People who are constrained to make esteem damaging upward comparisons can underplay or deny the similarity to the target or they can withdraw from their relationship with the target.
Do downward socal comparisions occur as a group?
What do social comparisions as a group do?
Influence self conception as a group member and social identity.
What is self categorisation theory?
Turner’s and associates theory of how the process of categorising oneself as a group member produces social identity and group and intergroup behaviours.
According to self categorisation theory, if the group is positive?
Attributes are positive and the self is positive.
What have social identity theorists argued that are the two types of identity?
Social identity and personal identity.
What is social identity?
Which defines self in terms of group memberships.
How many social identities can we have?
More than one.
What is personal identity?
Which defines self in terms of idiosyncractic traits and close personal relationships.
What is the search for self coherence?
We have the quest to find and maintain a reasonably integrated picture of who we are. Coherence provides us with a continuing theme for our lives.
What do people who have highly fragemented selves find it difficult to do?
What are three kinds of people that have highly fragamented selves?
Those with schizopherenia, amnesia and alzheimer's disease.
What is social identity theory?
Social identity is the theory of group membership and intergroup relations based on self categorisation, social comparison and the construction of a shared self definition in terms of ingroup defining properties.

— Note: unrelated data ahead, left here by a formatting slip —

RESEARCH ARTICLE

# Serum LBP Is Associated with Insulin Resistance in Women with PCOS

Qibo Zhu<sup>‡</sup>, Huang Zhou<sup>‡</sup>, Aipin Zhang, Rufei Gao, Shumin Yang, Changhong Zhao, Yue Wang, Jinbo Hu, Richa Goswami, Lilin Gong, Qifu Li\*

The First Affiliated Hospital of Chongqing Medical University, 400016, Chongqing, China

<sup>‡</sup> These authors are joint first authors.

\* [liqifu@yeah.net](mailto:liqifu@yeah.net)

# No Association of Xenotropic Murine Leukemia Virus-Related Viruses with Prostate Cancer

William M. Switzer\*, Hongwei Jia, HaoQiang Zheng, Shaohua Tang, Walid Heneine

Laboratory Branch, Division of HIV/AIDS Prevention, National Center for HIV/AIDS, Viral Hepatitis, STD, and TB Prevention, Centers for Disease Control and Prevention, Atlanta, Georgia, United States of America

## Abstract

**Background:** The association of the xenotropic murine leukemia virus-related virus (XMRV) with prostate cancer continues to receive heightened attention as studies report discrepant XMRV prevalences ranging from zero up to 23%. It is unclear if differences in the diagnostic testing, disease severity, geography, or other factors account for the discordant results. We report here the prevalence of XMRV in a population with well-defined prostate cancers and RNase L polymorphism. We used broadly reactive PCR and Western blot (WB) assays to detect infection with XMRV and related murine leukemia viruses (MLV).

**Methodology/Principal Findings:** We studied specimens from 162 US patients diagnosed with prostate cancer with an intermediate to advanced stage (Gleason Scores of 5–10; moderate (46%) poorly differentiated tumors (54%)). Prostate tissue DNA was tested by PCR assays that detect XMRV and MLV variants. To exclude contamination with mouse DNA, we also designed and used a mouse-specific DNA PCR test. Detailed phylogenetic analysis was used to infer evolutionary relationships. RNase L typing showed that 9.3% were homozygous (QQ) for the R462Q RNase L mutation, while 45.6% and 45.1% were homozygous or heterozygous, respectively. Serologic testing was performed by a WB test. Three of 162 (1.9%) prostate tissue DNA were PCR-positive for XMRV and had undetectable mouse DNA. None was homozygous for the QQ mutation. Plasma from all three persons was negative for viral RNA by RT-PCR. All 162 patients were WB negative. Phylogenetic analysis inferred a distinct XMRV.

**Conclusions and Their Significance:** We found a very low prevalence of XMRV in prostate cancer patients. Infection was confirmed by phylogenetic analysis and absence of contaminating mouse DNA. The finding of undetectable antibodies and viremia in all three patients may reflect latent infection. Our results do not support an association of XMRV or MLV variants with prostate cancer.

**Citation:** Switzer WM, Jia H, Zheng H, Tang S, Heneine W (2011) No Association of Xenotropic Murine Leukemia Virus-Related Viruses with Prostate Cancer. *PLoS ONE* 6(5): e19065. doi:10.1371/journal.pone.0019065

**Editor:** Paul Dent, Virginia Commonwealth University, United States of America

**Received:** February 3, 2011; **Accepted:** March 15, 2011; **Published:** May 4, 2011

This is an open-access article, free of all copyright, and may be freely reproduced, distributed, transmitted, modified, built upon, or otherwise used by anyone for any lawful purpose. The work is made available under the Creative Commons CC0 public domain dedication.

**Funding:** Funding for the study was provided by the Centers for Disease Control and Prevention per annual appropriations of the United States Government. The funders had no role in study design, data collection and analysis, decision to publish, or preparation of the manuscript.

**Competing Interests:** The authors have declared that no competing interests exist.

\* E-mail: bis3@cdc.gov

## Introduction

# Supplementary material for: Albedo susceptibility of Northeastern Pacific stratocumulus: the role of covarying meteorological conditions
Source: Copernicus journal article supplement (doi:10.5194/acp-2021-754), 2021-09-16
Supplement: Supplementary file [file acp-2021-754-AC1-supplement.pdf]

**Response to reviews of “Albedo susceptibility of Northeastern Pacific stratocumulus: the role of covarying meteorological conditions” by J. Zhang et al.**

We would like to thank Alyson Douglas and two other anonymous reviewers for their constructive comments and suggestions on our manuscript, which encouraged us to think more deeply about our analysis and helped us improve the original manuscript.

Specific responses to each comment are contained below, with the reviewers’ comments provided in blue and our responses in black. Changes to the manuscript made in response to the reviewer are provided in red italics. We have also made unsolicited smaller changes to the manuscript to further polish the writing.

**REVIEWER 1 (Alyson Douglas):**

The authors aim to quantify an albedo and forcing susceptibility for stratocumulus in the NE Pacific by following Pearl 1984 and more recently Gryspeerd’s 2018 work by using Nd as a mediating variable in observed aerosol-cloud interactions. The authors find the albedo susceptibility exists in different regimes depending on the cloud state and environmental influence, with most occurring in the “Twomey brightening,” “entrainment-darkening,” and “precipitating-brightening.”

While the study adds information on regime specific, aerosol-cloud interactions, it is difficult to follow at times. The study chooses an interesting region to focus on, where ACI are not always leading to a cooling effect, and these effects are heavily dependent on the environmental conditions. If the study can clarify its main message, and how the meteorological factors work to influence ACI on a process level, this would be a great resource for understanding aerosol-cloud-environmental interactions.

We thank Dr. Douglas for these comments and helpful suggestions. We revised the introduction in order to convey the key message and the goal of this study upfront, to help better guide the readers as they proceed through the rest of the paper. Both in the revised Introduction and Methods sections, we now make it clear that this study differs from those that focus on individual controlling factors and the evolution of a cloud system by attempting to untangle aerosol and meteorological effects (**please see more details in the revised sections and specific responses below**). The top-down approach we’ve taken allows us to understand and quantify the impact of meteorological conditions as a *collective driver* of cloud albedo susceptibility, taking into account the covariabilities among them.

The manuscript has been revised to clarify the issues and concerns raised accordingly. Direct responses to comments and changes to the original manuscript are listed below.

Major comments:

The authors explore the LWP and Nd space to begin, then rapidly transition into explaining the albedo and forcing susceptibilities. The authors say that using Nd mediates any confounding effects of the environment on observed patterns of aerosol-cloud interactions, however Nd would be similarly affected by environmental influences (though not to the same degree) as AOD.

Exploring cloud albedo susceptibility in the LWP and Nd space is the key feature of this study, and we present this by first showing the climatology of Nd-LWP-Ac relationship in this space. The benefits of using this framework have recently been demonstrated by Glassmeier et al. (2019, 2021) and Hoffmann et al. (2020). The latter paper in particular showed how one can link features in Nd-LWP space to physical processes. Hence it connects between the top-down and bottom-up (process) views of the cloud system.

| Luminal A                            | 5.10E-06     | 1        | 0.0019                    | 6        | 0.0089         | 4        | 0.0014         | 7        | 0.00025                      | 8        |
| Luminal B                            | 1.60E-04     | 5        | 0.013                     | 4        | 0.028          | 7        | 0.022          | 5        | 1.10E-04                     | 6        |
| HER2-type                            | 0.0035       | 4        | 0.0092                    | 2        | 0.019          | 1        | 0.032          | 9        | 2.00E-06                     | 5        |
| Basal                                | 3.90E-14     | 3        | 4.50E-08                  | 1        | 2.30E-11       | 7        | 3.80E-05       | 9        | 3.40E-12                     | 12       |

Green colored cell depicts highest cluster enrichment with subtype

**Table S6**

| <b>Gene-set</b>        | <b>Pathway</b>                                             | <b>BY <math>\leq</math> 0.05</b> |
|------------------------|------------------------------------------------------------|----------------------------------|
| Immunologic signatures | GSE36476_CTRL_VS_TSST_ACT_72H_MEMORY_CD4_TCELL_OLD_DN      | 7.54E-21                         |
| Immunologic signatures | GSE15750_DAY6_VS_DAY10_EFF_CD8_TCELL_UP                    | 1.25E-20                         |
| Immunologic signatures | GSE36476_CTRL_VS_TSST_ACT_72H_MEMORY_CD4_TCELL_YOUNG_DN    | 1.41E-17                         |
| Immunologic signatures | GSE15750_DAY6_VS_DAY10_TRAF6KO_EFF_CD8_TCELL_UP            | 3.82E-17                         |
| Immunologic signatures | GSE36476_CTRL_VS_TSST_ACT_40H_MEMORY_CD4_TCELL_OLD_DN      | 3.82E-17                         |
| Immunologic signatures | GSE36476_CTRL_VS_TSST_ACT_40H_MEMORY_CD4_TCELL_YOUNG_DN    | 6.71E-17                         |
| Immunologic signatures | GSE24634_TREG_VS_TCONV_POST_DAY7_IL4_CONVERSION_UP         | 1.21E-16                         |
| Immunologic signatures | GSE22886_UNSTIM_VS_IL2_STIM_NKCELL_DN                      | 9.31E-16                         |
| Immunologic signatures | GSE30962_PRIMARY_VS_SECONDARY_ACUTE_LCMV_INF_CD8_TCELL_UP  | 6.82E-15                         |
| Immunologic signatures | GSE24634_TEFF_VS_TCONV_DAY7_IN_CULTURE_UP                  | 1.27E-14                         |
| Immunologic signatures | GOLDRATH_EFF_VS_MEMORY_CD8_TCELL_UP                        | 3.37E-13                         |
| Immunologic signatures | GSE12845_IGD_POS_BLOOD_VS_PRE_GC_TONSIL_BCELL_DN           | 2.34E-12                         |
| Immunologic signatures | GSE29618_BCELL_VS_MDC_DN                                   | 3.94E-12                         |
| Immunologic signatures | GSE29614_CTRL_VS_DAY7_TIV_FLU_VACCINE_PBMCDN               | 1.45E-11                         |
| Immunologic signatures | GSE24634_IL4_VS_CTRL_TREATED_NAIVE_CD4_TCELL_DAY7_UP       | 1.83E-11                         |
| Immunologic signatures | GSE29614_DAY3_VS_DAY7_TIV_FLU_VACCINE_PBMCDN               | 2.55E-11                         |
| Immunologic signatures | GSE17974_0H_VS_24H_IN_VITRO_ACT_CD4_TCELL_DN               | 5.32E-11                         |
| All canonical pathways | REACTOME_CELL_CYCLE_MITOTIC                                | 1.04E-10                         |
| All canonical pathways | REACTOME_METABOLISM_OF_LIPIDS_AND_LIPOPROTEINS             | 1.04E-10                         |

What is social identity salience?
Social identity salience is when a particular identity is particularly important.
What do people use to categorise other people?
Limited perceptual cues.
What do prototypes do?
Accentuate differences and similiarities between groups.
What can social identity salience lead to?
What is metacontrast principle?
The prototype of a group is that position within the group that has the largest ratio of differences to ingroup positions to differences to outgroup positions.
What are self motives?
Motivation to secure knowledge.
Are people overwhelmingly motivated by self enhancement?
People are overwhelmingly motivated by self enhancement, with self verification a distant second and self assessment bringing up the rear.
Why are people probably motivated by self enhahcement?
This is probably because self enhancement services self esteem and self esteem is a key feature of self conception.
What is one manisfestion of the self enhancement motive?
Self affirmation theory.
What is the self affirmation theory?
Theory that people reduce the impact of threat to their self concept by focusing on and affirming their competence in some other area.
What three motives is the self conception underpinned by?
Self assessment, self verification and self enhancement.
What is self assessment?
motive to have accurate and valid information about the self.
What is self verification?
Motive to seek self consistent information.
What is self enhancement?
Motive to seek new favourable information about self.
What is self esteem?
Self esteem are feelings about and evaluations of onself.
So people have generally higher self esteem then others?
What do high self esteem people have?
Clear and stable sense of self and a self enhancement orientation; low self esteem people have a less clear self concept and a self protective orientation.